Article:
Value Added Products in Small Ruminants

Farmers are continually seeking ways to add value to their products in the competitive world of agriculture. Whether it’s to increase profitability, meet consumer demand, or find creative outlets for their produce, value-added products have become increasingly significant. By delving into the realm of sheep and goats and the myriad ways in which these animals contribute to value-added items

Understanding Value-Added Products

t its core, a value-added product is more than just the sum of its parts. It’s a commodity that has undergone enhancement through processing, packaging, or additional features, rendering it more desirable and warranting a higher price than its raw materials. One example is a strawberry grower creating jam from berries from their farm. This value-added item combines taste, carries convenience, and extends the shelf life of an otherwise perishable commodity. From convenience to aesthetics, value-added products offer consumers something beyond the ordinary.

Opportunities with Small Ruminants

Both species have breeds that are specifically for milk production. Sheep milk holds a unique position in the realm of dairy products. With a higher solids content than goat or cow milk, it offers distinct advantages, particularly in cheese production. Remarkably, a gallon (or liter) of sheep milk yields 18 to 25 percent cheese, far surpassing the 9 to 10 percent yield from goat or cow milk. Due to these factors, most of the sheep milk produced globally finds its way into the artful craft of cheese making. Goat milk is also widely used for cheesemaking and fermented products such as kefir and yogurt.

Sheep produce wool, and goats cashmere and mohair. All three fiber types are used in textile and yarn production. A recent trend in the U.S. is for wool flock owners to market their fleeces directly to the public, particularly hand spinners. This marketing approach means they are paid a higher price for a commodity that has historically seen low value through commercial channels. Additionally, sheep’s wool is being used to produce ready-made home insulation by companies like Havelock Wool in the United States.

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Chevon, mutton, and lamb are perfect starting points for a fantastic value-added product for both animals. Sausages, jerky, and ready-made convenience items, like preseasoned burger patties and kebobs, are very attractive to consumers. Producers seeking novel opportunities to create these items should look to the poultry and cattle markets, which have embraced changing consumer cooking demands.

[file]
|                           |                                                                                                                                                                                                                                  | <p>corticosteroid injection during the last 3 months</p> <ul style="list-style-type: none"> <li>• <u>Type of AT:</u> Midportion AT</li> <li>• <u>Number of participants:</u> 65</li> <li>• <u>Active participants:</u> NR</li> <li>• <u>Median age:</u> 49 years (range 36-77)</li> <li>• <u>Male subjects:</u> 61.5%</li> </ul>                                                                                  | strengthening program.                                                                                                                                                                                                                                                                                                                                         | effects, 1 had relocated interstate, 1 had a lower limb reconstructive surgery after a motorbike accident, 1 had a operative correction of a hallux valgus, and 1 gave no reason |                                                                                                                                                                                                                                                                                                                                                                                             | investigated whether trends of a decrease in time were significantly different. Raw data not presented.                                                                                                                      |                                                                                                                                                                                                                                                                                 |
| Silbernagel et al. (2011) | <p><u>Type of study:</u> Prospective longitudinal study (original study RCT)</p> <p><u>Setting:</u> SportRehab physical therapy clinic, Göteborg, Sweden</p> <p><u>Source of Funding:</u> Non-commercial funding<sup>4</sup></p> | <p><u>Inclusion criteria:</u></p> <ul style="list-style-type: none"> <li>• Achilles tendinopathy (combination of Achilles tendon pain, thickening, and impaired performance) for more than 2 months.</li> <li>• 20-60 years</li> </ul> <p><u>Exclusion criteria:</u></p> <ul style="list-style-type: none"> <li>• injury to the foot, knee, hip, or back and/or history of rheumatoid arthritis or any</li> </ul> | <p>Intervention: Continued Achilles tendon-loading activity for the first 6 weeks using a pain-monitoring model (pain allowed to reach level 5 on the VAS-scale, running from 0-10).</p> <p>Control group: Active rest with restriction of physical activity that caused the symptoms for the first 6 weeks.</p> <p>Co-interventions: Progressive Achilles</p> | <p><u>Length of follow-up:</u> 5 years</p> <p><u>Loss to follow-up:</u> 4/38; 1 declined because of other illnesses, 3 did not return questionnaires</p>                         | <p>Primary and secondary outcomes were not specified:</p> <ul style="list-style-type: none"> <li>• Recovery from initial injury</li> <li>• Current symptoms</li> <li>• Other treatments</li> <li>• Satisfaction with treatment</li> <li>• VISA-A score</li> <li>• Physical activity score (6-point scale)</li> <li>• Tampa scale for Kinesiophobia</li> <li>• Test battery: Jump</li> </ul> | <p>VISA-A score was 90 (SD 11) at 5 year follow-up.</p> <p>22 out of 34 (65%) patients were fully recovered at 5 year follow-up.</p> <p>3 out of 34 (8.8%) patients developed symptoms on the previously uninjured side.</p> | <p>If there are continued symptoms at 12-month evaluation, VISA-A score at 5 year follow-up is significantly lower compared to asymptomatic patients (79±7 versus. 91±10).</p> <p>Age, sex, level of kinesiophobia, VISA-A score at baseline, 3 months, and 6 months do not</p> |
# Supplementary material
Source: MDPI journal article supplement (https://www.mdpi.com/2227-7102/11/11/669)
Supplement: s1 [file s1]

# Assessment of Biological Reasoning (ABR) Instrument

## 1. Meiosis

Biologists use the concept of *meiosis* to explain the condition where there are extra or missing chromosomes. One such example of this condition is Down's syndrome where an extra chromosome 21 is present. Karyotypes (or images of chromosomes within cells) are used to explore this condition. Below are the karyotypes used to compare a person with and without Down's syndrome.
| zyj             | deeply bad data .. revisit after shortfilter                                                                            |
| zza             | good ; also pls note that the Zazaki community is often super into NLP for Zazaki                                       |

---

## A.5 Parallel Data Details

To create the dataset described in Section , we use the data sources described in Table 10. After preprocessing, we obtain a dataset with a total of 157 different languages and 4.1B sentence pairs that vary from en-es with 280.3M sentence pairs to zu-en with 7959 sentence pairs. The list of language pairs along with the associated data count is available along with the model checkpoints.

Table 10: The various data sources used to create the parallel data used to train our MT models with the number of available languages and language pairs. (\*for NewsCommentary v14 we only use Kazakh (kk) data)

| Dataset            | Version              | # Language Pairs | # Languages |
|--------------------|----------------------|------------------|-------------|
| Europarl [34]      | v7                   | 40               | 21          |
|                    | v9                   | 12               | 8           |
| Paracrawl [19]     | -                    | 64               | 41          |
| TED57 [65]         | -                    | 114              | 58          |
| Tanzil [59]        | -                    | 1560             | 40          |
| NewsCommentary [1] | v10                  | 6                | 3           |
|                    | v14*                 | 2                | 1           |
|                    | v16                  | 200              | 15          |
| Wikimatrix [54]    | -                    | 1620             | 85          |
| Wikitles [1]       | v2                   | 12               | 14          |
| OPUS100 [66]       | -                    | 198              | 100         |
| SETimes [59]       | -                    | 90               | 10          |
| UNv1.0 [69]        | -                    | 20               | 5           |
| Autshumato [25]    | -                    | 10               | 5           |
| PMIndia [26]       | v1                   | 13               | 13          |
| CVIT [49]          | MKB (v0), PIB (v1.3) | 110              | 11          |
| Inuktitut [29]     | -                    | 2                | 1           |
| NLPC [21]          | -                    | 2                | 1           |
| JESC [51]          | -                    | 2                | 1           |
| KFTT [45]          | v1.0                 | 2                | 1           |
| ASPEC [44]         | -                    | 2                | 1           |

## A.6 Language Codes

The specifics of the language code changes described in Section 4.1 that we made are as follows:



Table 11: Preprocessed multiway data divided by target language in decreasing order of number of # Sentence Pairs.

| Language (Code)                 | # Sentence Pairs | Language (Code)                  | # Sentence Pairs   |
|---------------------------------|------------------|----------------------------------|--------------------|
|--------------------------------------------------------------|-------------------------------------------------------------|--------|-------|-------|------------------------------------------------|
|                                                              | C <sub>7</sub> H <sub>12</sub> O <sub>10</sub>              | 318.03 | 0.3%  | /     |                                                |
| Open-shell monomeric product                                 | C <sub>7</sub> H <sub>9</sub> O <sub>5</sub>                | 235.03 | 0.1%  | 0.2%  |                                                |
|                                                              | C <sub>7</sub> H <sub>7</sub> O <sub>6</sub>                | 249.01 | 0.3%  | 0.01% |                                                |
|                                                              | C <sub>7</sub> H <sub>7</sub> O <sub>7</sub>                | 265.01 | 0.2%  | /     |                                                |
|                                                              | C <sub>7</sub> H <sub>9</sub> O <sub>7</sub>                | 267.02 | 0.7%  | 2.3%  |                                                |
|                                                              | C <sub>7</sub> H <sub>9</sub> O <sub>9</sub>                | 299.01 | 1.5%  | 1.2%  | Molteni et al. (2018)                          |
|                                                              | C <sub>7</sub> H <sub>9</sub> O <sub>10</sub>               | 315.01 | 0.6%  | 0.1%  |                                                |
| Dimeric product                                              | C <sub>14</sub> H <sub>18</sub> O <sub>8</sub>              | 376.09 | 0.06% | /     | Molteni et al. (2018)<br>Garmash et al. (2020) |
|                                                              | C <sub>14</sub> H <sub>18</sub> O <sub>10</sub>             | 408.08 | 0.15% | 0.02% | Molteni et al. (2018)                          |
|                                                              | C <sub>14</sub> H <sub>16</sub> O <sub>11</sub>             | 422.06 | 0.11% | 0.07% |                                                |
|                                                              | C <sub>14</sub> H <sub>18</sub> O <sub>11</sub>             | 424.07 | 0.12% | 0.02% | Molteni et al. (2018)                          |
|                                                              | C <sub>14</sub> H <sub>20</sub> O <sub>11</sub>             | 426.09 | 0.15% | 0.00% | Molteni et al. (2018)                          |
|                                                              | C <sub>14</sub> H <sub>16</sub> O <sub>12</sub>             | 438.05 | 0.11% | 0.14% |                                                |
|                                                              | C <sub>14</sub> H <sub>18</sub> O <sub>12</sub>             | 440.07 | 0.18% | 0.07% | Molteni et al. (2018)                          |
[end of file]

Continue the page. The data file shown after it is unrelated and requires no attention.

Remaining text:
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Marketing and Distribution

Bringing value-added products to market requires more than just quality craftsmanship; it demands strategic marketing and distribution channels. Farmers can leverage local farmers’ markets, retail outlets, and online platforms to showcase their offerings. Social media emerges as a powerful tool for reaching a broader audience, allowing farmers to engage directly with consumers and share the story behind their products. Moreover, creative labeling and consumer education play pivotal roles in establishing brand identity and fostering consumer loyalty.

Conclusion

As agriculture evolves, the concept of value addition becomes increasingly integral to sustainability and profitability. Sheep and goats, with their diverse offerings, exemplify the potential for innovation within the farming industry. From the soft embrace of wool to the nourishing properties of milk and meat, these animals inspire a wealth of value-added products that cater to diverse consumer preferences. As farmers continue to explore new horizons, the journey of adding value with sheep and goats promises excitement, ingenuity, and endless possibilities.

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